Albert Dock, Liverpool.
The third museum we went to was the Museum of Liverpool. This was a very interesting museum as it really explained the importance of the city, from the city’s large Chinatown to the rivalry between Everton and Liverpool Football Club. Our next stop of the day was Anfield, the home of Liverpool Football Club, one of the most legendary soccer clubs in the world. Our tour was fantastic and so was our very passionate tour guide.
Anfield, home of Liverpool Football Club.
We went into the press room where the manager talks to media after the matches, the home dressing room where Liverpool suits up, and the visitor dressing room. We also were able touch the ‘This is Anfield’ sign which was an iconic part of the stadium. After this, we went into the stadium and saw the field. It was amazing being able to see this stadium and also sit right where the manager sits during the games. It was pouring when we were outside in the stadium, but it didn’t dampen our spirits. The tour was quite interesting and I was able to really learn a lot more about the history of Liverpool Football Club. We also went to the museum and saw some of the trophies Liverpool had won.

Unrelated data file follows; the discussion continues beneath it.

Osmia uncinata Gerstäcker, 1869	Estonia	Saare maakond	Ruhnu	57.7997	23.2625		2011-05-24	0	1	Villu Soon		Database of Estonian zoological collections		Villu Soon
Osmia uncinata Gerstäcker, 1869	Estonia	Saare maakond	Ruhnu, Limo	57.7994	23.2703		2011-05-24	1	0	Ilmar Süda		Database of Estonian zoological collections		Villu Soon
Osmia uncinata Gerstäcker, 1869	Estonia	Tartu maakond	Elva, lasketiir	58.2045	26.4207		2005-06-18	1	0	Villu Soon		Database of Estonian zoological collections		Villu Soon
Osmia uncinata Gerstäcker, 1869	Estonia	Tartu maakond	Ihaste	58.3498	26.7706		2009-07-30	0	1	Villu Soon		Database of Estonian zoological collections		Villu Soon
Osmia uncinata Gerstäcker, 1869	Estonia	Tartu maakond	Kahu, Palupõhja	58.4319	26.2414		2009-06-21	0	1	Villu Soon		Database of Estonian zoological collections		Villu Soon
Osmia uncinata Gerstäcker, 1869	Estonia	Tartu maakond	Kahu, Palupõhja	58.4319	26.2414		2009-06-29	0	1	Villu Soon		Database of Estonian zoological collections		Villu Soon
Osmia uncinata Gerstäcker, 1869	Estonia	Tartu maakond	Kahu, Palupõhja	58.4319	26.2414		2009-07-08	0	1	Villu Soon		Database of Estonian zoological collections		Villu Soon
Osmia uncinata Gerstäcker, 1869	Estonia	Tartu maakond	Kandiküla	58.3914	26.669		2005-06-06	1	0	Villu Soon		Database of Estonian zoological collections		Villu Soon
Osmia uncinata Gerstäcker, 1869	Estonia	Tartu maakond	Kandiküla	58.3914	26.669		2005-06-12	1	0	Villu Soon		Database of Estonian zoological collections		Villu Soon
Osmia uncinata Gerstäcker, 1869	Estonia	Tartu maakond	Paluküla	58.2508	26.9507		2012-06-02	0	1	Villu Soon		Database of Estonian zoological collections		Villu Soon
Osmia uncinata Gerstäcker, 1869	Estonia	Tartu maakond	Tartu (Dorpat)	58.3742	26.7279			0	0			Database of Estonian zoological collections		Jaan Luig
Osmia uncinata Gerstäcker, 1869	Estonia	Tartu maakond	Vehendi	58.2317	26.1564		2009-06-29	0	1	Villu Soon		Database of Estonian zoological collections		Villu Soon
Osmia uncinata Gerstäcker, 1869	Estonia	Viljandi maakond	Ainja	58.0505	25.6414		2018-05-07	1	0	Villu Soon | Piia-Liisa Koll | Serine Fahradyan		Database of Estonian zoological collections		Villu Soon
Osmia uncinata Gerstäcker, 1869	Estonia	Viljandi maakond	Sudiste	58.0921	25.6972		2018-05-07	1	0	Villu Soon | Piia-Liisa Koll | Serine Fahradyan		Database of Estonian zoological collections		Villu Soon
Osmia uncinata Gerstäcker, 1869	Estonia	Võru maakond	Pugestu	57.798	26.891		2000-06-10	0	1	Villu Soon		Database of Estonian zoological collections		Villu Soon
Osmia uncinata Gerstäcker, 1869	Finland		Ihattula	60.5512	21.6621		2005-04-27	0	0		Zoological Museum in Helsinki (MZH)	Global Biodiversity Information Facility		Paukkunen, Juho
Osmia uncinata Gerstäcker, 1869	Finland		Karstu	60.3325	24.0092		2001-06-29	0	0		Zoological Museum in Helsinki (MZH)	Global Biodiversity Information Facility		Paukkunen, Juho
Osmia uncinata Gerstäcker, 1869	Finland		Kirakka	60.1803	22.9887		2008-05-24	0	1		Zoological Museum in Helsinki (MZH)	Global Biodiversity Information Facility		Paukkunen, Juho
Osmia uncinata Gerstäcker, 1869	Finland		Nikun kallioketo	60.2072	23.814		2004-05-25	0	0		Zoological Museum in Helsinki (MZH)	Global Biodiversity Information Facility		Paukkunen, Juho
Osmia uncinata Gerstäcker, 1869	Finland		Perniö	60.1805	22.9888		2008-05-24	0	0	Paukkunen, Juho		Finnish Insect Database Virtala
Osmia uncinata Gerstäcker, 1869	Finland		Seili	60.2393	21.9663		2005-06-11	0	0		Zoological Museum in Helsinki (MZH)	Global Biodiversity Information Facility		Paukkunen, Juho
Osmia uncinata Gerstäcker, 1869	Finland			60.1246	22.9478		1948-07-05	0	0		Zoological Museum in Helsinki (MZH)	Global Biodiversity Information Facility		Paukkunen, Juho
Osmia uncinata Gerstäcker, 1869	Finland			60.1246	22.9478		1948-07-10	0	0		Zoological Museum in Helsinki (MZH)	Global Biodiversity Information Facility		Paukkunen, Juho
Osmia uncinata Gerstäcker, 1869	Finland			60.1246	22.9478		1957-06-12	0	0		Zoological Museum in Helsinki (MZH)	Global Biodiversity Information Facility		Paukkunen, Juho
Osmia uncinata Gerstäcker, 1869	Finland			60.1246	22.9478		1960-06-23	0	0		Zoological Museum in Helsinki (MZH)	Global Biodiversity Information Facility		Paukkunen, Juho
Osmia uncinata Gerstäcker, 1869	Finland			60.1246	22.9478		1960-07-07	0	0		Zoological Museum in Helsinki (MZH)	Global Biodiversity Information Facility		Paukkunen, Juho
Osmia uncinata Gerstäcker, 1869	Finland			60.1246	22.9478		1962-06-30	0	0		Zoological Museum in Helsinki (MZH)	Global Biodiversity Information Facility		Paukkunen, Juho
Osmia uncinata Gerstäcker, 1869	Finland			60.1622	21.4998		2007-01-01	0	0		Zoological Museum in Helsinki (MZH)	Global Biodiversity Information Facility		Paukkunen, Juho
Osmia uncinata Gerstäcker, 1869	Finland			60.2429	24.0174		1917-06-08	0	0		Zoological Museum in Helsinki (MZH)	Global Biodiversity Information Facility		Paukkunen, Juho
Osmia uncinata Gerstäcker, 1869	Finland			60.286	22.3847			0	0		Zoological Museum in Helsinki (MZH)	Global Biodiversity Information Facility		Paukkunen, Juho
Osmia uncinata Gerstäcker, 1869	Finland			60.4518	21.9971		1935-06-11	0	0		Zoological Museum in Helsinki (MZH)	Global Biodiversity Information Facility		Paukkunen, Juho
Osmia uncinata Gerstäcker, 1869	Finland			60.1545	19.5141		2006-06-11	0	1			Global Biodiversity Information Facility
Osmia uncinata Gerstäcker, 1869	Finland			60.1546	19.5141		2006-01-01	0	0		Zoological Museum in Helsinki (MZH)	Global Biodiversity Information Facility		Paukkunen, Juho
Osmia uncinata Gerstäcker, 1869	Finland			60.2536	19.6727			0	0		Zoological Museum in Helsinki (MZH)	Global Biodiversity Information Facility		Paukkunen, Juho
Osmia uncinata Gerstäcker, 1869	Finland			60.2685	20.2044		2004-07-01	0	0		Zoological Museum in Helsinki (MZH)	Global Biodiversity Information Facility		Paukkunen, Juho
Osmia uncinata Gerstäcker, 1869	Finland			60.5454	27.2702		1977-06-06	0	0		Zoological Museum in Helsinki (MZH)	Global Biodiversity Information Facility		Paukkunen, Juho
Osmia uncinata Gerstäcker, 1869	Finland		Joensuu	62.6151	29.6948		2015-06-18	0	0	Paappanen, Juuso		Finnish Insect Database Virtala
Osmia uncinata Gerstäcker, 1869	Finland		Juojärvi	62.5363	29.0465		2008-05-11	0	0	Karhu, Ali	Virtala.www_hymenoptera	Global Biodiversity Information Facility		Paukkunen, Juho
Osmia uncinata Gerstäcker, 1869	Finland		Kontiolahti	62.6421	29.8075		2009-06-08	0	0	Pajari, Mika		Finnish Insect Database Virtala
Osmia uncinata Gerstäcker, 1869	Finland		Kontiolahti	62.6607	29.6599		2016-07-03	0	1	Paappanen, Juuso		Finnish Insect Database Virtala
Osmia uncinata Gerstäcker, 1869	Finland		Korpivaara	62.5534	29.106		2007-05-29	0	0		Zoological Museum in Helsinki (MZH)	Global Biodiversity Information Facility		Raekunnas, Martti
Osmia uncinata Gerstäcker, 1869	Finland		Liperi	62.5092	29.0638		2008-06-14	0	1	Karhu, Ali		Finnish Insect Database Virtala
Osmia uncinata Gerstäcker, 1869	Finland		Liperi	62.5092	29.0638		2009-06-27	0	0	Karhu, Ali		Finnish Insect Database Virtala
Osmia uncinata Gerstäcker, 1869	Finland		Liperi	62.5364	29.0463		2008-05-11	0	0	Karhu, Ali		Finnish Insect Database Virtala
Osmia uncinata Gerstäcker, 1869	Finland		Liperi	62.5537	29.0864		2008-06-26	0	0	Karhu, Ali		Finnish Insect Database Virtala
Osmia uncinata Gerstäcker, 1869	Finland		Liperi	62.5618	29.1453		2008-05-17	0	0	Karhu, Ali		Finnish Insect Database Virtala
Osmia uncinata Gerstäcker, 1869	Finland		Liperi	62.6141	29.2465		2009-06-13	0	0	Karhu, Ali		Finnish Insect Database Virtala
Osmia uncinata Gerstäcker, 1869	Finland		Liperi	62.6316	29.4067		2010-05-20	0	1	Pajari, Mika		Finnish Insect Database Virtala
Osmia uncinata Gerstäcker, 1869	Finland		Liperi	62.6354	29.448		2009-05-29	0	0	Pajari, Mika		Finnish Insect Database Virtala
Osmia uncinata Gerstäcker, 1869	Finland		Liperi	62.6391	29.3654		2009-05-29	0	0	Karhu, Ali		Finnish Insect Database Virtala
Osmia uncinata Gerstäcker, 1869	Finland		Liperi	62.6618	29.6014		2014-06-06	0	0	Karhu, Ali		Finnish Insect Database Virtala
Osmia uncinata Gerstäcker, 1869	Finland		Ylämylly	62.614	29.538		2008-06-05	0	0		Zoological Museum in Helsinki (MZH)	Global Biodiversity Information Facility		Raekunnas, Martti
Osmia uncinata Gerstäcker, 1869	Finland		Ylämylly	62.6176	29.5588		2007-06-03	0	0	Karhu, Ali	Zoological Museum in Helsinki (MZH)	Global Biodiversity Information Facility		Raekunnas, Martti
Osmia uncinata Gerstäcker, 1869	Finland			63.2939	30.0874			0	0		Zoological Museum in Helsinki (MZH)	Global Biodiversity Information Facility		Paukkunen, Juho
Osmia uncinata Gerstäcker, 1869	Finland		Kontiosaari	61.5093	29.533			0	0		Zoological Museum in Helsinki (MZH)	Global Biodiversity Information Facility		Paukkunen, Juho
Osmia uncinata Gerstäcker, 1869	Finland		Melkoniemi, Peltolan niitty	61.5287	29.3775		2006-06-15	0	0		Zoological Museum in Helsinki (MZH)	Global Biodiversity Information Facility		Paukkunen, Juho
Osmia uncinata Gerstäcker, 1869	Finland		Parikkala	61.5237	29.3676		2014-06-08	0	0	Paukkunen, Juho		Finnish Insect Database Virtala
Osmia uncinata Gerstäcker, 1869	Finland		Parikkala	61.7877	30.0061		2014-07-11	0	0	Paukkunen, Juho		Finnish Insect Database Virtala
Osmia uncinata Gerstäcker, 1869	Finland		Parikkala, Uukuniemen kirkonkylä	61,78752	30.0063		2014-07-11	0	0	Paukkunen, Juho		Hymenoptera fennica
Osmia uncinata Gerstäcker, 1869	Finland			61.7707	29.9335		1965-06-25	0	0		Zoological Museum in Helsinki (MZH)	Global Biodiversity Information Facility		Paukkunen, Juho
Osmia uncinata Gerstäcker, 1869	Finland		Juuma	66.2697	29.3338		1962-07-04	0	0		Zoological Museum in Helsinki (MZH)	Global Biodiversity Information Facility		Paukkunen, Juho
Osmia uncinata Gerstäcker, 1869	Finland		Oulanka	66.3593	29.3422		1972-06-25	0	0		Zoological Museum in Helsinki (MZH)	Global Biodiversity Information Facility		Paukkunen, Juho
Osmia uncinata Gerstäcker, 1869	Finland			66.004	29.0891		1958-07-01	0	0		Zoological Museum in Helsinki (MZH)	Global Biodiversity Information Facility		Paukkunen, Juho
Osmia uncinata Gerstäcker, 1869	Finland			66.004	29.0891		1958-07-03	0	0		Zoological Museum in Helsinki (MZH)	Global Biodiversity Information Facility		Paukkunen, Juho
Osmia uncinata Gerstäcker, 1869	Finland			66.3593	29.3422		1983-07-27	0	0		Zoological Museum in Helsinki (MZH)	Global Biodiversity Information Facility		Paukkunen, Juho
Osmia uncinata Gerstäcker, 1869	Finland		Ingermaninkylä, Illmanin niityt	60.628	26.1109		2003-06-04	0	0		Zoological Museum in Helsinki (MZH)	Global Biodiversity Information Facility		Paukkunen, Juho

We got into Belfast early the next morning and learned that there was a bike race going on in the city that weekend (the Giro d’Italia). We got to our hostel and started our sightseeing in the Queen’s Quarter, which is where Queen’s University, Belfast is located. This was a very beautiful campus with many historic buildings and nice greens.
Our next stop was the Ulster Museum, a National Museum of Northern Ireland. It was such a large museum and very expansive. It covered pretty much everything that had to do with the province of Ulster, where Belfast is located. We then saw the Botanic Gardens, which had some interesting plants and flowers. This day was so exhausting and we ended up resting afterward.
The Titanic Belfast exhibition was our main sight of the next day. The Titanic was built in Belfast and the exhibition was amazing. The exhibition had many interesting parts, including a ride (to see what it was like to work on building the Titanic) and also a virtual tour of the interior. It was overall an excellent attraction. Walking through the port of Belfast, it is apparent that Belfast had and still has a very large industrial part to it.
On our final day of the trip, we went on a tour to Carrick-a-Rede Rope Bridge and Giant’s Causeway. Our first stop was the rope bridge and it was a somewhat frightening experience walking over a very shaky rope bridge, but the views of the sea from the island once you got across were really great. The main attraction was Giant’s Causeway though. Giant’s Causeway is an area of about 40,000 basalt columns (mostly hexagonal), which are the result of an ancient volcanic eruption. It is a UNESCO World Heritage Site. Walking all the way out to the tip on the coast was magnificent but also tough as the rocks were quite slippery.